Other symptoms are nonspecific. Headache is a very common symptom, occurring in nearly 95% of cases. Patients also complain of nausea, vomiting, and upper abdominal pain (due to liver and spleen involvement) during febrile episodes.

Myalgia and chills also occur in approximately 90% of cases.

The following are other potential symptoms:

  • Arthralgia
  • Joint aches
  • Weakness
  • Anorexia
  • Weight loss
  • Non-productive cough (more common in louse-borne relapsing fever)

Localizing neurologic symptoms (eg, flaccid paralysis, myelitis, radiculopathy, hemiplegia) are more common in tick-borne relapsing. There has been a case report of meningoencephalitis. Delirium can be seen in both tick-borne relapsing and louse-borne relapsing.[13]

Over the last several years, acute respiratory distress syndrome (ARDS) has been reported in several patients with relapsing fever in North America.[14]

Hepatic and splenic involvement are more common in louse-borne relapsing fever.


Physical findings are not diagnostic but may include the following:

  • Fever (most common finding)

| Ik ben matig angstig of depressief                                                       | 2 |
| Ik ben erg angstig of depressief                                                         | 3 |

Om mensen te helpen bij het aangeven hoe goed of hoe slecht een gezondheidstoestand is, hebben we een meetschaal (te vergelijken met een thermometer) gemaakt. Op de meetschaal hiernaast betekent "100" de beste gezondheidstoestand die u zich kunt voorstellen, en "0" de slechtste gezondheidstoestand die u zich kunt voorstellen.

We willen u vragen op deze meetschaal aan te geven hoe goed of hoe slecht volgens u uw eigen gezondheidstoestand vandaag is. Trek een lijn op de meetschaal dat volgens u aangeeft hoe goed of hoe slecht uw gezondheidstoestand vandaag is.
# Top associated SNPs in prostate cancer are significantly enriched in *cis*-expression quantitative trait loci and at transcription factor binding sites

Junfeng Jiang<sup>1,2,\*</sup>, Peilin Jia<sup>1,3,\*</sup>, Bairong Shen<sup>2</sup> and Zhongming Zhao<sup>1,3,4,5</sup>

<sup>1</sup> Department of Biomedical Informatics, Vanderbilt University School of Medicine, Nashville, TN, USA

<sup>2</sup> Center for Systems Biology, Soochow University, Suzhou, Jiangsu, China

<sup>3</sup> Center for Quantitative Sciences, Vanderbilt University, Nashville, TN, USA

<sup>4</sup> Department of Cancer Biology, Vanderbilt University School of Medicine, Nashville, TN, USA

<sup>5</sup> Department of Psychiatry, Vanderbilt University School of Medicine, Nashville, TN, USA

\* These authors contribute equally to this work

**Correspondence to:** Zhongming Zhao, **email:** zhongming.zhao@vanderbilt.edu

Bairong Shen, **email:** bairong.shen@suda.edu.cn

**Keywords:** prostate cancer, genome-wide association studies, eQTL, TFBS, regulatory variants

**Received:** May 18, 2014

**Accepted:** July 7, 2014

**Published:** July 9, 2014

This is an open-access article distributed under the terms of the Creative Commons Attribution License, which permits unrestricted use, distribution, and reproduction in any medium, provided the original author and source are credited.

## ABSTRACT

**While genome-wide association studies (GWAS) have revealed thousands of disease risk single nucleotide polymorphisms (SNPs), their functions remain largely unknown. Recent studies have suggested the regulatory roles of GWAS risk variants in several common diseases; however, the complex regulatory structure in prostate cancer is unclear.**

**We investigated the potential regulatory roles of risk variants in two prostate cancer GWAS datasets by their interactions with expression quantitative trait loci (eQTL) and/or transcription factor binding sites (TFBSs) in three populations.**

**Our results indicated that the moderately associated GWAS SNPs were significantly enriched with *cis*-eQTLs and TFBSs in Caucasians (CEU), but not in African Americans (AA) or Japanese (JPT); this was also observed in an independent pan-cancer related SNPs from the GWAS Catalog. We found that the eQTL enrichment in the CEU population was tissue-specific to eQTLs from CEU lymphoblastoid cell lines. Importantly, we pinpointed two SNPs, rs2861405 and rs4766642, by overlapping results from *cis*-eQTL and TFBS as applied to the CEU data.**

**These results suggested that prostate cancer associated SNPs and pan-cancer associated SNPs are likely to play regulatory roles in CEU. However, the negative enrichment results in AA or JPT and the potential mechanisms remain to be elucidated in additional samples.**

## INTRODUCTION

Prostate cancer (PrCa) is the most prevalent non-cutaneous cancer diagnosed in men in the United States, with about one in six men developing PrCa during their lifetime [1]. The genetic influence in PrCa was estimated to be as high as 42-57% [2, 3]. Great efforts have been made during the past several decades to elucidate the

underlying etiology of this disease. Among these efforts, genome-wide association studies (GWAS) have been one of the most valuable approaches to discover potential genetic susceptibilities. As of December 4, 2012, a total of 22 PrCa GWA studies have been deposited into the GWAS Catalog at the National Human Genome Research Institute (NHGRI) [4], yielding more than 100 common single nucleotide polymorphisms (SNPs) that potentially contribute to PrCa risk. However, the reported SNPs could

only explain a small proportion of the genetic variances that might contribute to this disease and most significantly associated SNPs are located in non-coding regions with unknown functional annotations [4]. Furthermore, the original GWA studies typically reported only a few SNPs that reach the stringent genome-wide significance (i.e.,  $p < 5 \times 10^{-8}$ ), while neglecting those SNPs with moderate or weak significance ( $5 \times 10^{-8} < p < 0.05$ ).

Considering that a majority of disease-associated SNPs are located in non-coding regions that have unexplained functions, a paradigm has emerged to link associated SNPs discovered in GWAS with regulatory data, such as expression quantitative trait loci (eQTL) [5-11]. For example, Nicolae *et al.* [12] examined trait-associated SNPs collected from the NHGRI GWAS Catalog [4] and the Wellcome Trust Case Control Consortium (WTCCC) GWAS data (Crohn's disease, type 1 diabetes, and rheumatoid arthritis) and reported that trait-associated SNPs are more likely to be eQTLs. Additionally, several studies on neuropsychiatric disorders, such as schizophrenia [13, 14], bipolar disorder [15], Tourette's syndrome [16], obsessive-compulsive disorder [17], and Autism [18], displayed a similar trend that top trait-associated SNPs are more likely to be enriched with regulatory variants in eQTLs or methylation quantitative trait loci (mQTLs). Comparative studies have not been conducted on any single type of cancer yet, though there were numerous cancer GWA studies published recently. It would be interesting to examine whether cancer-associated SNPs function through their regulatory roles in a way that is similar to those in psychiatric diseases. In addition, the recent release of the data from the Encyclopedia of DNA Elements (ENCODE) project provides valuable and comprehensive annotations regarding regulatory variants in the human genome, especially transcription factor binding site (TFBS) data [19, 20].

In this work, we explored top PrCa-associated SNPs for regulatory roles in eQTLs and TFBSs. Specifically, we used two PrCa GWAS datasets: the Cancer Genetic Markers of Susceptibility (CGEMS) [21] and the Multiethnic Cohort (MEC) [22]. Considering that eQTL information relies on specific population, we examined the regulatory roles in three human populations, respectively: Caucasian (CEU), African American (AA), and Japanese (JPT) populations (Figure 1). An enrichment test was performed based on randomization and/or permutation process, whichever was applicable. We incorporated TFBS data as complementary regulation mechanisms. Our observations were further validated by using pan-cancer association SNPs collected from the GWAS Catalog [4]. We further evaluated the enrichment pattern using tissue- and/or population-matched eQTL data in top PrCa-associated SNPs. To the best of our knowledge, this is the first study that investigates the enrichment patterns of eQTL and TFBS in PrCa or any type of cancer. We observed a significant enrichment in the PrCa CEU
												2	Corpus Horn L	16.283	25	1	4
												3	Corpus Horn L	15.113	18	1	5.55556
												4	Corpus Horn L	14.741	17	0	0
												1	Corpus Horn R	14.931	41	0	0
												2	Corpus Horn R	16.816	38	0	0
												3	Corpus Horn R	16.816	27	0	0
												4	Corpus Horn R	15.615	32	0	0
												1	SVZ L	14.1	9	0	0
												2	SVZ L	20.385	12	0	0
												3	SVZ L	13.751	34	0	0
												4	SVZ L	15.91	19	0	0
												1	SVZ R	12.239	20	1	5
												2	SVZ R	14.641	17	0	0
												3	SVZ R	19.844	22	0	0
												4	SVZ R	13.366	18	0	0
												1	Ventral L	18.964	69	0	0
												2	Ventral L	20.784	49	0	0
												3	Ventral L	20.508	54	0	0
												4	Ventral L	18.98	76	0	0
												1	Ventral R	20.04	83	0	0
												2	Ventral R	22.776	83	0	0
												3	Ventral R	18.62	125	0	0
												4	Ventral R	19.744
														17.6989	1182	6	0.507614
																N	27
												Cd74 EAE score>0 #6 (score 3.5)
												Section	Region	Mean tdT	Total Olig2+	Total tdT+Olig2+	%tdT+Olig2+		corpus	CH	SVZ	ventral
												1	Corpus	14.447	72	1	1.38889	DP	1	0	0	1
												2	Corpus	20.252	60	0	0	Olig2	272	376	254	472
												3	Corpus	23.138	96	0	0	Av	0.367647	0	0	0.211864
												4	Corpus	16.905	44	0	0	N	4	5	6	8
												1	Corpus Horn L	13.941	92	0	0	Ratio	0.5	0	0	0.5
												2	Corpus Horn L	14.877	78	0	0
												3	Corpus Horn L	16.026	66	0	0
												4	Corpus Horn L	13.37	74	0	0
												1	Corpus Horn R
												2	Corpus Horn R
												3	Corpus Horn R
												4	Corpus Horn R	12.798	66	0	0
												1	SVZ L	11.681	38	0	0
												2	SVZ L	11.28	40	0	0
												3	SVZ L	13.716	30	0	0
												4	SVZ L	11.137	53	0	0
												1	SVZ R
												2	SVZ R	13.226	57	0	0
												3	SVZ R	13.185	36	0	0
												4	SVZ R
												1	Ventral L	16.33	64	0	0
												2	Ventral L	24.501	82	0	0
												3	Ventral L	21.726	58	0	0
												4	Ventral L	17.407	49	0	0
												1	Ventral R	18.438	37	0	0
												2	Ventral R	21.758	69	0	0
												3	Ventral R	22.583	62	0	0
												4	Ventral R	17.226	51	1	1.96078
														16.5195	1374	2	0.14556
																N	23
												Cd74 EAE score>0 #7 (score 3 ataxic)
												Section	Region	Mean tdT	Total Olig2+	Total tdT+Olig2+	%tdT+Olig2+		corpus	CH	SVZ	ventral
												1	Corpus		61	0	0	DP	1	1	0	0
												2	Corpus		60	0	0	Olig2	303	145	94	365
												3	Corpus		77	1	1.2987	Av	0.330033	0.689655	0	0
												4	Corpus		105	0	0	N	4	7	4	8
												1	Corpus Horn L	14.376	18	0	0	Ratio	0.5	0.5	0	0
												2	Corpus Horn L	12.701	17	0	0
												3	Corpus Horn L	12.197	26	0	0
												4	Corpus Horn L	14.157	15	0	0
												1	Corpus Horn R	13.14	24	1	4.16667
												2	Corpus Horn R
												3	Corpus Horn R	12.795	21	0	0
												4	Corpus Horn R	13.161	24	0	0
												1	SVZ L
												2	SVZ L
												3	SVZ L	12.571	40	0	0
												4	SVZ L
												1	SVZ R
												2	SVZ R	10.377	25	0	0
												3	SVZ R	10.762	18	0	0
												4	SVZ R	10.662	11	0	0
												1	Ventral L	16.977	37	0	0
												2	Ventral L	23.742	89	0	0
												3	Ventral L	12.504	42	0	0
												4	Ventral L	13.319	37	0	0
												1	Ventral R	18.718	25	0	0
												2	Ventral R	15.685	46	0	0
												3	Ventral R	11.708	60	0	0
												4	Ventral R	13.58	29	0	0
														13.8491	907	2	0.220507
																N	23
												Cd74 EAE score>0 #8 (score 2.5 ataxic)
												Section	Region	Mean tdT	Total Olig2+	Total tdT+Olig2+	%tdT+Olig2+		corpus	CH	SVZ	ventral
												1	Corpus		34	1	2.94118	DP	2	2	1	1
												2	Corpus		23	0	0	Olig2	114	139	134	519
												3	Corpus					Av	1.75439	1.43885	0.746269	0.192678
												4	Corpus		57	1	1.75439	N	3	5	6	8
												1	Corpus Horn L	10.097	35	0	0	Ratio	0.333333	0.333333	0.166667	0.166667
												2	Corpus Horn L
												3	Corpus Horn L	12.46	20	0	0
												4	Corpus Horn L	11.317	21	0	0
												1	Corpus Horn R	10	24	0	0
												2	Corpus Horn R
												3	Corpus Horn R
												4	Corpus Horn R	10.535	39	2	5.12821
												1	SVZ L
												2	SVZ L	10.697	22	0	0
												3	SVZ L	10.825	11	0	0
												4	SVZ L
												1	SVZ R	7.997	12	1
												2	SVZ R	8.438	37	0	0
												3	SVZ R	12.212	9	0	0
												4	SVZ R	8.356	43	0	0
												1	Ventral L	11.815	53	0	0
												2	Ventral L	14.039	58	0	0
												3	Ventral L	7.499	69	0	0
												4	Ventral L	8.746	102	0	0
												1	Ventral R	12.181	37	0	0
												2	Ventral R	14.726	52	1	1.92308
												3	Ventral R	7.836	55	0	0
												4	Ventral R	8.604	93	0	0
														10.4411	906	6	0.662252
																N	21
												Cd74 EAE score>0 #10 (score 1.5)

• Abdominal tenderness with hepatosplenomegaly
  • Petechial, ecchymosis (more common in patients with louse-borne relapsing [15] )
  • Epistaxis (common in louse-borne disease)
  • Abnormal lung findings (rales, rhonchi)
  • Nuchal rigidity (more common in louse-borne relapsing): Neurological manifestations are believed to be secondary to spirochetemia rather than direct invasion of central nervous system.
  • Lymphadenopathy [16]
  • Jaundice
  • Iritis and iridocyclitis
  • Gallop reflecting heart disease/myocarditis: Myocarditis appears to be common in both louse-borne relapsing and tick-borne relapsing and has been prominent in fatal cases.
  • Neurologic findings are more common in tick-borne disease and include coma, cranial neuropathy (especially Bell palsy), hemiplegia, meningitis, and seizures. In louse-borne relapsing, neurological findings include nuchal rigidity, mental status changes, and neck stiffness.
  • Rash is more common in tick-borne relapsing.


Relapsing fever is caused by infection with the causative Borrelia species.


Bleeding is a common complication with both forms of relapsing fever. Bleeding in the skin, nose, eyes, lungs, urinary tract, GI tract, and brain can occur. The latter two can be fatal.

JH reaction may occur.

ARDS may occur.